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LSU Offensive Line Feels it's Turned a Corner in 2021 Season

Tigers finally getting healthy, finding right continuity and schemes to be successful

For weeks on end Liam Shanahan has felt that this offensive line was starting to turn a corner on its 2021 season. There was a glimpse of improvement against Kentucky, as the offensive line opened up holes for Tyrion Davis-Price for seemingly the first time all season.

The pass protection was sound and it certainly looked as though the group was trending in the right direction. On Saturday against Florida, the group responded by putting forth its best blocking effort in probably two years as the purple and gold rushed for 323 yards, 287 of which were a program record from Davis-Price. 

A group that was much maligned all season for its inconsistent and sometimes down right poor play, it was a momentum and confidence boosting performance for Shanahan and this offensive line.

"We've all felt that we were right there and having a game like we did this past weekend," Shanahan said. "It felt good, there was a lot of fun stuff to watch on film that a lot of guys were doing but now it's the 24 hour rule and we're on to Ole Miss."

What really worked for this group was getting out on zone blocking schemes and prioritizing run blocking schemes. LSU found a lot of success with counters, a misdirection run where a running back starts one direction but moves with the blocking to the other side of the line of scrimmage.

For the Tigers on Saturday, that meant pulling some of the offensive lineman from the left side to the right as that was where LSU found the most success in opening up holes for Davis-Price. Not only Shanahan but guards Marlon Martinez and Ed Ingram, tackle Austin Deculus and walk on tight end Jack Mashburn all had success with a six man run blocking front against the Gators. 

Shanahan mentioned a dedication to a wider variety of schemes and players getting more comfortable with what's being asked of them has been the biggest differences he's noticed in recent weeks.

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Coach Ed Orgeron said he really started to see a difference in the offensive line's play in the week of practice leading up to the Kentucky game. The group was finally starting to get healthy and finding some continuity up front that was so crucial to its most recent success.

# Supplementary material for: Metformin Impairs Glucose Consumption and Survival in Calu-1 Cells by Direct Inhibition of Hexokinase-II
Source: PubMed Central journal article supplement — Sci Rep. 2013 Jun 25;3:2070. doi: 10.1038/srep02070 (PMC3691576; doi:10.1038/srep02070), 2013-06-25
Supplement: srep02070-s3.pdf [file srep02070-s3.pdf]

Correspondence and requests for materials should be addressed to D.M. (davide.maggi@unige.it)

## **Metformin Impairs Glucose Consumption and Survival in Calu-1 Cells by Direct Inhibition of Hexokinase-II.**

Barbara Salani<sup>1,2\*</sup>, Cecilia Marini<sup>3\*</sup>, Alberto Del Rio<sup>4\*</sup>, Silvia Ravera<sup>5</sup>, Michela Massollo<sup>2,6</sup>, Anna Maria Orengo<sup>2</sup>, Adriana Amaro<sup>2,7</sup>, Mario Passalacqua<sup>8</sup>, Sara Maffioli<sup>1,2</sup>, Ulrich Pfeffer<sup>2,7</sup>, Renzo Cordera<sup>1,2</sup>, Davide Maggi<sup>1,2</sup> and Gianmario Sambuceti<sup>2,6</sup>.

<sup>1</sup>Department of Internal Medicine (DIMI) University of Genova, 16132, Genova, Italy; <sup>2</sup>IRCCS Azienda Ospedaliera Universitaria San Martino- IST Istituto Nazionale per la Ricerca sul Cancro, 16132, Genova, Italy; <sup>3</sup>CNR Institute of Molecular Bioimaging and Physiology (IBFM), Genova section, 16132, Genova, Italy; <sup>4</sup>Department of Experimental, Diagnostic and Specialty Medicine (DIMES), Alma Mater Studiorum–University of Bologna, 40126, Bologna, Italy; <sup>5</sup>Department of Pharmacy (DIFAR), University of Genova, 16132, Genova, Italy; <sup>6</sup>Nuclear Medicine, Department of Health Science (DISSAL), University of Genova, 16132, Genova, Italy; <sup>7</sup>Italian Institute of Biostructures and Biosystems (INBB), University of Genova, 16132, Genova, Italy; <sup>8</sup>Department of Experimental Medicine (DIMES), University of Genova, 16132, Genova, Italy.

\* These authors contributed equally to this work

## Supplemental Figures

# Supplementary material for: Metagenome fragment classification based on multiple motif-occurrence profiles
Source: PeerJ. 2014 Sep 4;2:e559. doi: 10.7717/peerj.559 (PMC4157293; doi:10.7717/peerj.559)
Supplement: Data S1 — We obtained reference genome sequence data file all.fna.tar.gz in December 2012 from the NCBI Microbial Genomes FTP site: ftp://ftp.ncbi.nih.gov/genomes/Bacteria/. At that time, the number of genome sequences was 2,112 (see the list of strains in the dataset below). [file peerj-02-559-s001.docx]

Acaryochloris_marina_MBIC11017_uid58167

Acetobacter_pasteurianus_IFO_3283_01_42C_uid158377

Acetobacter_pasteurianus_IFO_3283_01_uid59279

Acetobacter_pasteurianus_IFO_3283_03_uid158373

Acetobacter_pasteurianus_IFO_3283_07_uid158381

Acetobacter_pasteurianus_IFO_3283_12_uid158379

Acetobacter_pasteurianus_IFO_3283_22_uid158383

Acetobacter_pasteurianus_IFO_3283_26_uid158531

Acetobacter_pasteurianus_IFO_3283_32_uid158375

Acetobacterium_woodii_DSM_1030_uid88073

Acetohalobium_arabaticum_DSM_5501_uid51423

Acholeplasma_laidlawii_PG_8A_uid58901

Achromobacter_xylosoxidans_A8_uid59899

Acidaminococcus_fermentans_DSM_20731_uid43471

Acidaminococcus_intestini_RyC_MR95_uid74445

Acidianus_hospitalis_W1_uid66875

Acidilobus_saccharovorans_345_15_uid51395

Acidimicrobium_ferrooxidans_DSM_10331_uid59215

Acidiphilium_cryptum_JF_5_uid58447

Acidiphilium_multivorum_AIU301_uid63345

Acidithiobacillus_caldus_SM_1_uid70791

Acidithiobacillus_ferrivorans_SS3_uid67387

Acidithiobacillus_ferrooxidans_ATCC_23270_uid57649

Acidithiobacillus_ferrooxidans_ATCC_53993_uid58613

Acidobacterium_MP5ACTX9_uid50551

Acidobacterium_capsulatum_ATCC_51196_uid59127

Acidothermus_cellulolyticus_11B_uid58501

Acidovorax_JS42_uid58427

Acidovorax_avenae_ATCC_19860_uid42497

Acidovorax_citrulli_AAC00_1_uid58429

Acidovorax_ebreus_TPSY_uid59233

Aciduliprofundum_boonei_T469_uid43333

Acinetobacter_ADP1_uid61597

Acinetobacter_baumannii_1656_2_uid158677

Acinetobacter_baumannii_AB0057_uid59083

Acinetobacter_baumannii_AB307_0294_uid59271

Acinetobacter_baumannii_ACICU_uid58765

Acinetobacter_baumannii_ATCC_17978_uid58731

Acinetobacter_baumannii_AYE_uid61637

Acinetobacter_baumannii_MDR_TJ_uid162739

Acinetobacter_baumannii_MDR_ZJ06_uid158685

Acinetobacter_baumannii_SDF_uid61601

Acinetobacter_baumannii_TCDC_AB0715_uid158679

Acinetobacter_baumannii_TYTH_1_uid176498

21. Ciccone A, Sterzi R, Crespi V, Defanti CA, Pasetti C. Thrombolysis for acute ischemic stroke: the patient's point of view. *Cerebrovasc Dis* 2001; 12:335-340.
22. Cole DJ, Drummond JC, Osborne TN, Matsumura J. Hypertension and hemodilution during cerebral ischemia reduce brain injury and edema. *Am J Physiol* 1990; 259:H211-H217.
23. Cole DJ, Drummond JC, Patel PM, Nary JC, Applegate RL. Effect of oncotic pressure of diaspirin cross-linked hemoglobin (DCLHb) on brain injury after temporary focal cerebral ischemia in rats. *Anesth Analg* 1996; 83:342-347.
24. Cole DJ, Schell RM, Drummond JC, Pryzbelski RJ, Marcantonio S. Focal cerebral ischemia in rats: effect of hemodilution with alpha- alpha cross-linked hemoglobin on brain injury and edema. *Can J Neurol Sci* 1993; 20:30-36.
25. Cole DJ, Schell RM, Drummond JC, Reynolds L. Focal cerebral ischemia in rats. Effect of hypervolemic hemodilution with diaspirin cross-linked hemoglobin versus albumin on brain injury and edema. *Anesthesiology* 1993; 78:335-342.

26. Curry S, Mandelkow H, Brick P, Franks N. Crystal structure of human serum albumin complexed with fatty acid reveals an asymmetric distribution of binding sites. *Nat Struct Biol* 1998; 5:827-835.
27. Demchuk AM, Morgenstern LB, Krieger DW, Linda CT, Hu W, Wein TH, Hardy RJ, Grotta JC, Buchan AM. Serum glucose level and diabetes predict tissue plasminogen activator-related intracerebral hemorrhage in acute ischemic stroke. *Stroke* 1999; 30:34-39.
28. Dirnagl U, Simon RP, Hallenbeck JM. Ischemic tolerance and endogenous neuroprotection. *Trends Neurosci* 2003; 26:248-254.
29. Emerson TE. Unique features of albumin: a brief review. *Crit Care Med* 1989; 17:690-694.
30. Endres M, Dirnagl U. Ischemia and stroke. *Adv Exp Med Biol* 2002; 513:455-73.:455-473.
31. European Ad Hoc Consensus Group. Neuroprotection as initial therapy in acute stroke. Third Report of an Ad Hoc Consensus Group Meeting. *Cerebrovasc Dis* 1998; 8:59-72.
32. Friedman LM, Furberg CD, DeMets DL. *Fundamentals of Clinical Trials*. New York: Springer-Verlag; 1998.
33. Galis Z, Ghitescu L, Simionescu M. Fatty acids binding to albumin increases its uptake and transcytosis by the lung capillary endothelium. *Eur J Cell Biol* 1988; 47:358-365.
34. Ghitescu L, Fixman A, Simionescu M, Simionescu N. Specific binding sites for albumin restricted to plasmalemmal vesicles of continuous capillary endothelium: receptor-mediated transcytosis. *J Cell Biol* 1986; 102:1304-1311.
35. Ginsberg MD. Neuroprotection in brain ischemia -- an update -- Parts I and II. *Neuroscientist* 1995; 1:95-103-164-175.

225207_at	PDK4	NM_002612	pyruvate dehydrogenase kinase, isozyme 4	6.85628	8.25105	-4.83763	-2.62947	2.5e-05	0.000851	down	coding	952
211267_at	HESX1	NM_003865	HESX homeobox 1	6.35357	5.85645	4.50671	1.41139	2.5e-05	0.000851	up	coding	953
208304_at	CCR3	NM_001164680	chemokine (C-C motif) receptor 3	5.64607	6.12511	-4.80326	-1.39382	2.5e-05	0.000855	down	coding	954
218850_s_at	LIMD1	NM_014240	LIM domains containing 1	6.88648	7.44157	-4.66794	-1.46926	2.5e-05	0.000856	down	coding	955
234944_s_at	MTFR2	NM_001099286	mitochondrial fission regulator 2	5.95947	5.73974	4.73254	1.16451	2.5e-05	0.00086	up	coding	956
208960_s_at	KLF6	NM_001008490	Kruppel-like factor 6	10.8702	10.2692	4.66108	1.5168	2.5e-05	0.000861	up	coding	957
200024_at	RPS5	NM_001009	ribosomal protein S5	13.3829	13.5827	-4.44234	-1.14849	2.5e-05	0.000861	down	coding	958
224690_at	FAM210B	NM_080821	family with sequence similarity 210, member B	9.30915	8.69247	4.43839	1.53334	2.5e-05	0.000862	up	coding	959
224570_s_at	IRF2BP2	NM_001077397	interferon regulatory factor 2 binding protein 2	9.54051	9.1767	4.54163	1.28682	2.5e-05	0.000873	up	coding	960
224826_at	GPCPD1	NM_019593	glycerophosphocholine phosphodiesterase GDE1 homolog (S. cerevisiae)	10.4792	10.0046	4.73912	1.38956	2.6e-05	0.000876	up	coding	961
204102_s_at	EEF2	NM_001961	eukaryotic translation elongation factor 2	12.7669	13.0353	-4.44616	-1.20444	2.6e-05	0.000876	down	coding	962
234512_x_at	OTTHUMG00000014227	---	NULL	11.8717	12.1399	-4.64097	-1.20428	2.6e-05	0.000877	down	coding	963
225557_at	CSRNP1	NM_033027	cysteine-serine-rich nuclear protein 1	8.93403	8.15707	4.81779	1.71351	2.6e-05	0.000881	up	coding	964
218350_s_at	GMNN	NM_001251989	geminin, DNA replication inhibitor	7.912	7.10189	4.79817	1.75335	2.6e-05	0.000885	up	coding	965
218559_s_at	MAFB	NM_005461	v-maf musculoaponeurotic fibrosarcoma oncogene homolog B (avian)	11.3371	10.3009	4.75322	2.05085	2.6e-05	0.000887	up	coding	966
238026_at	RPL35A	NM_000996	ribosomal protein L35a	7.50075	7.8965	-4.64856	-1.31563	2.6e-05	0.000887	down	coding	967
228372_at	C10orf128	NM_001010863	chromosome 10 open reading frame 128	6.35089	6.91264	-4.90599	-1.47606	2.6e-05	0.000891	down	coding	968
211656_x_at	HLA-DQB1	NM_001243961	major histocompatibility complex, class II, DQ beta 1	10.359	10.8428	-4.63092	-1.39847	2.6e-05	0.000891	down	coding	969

But what really stood out to Orgeron was the way it was dominating LSU's defensive line at the line of scrimmage, something that had not occurred all season long during practice.

"I spent a bunch of time last week showing cut ups of our offensive line dominate our defensive line," Orgeron said Wednesday. "I think Brad Davis has done a tremendous job with this line, they're the most improved unit on the team."

This group had the unfortunate timing of having to replace its offensive line coach with Davis into the summer, a move that was swift but didn't come without penalty. Davis, who came to Baton Rouge from Arkansas, was known as one of the better developers and recruiters along the o-line in college football but it took some time gel with his new players.

"I think going back through camp, our relationship as an offensive line with coach Davis has really evolved to the point where we're doing some really good things now," Shanahan said. "Coach Davis is a great coach, we're lucky to have him with us and now we have to keep pushing forward. We don't wanna be an offensive line that's known for one good game. We've got a lot of big games coming up."

With some confidence and momentum brewing up front, there is opportunity for this LSU offense to reach new heights. The emergence of a potent running attack was a significant step, now it's up to Max Johnson and the passing offense to find some consistency in its play.

"The talent has always been there, the ability from us as players is there," Shanahan said. "It's just something where we have to continue to build and hopefully we can establish an identity as an offensive line and offense."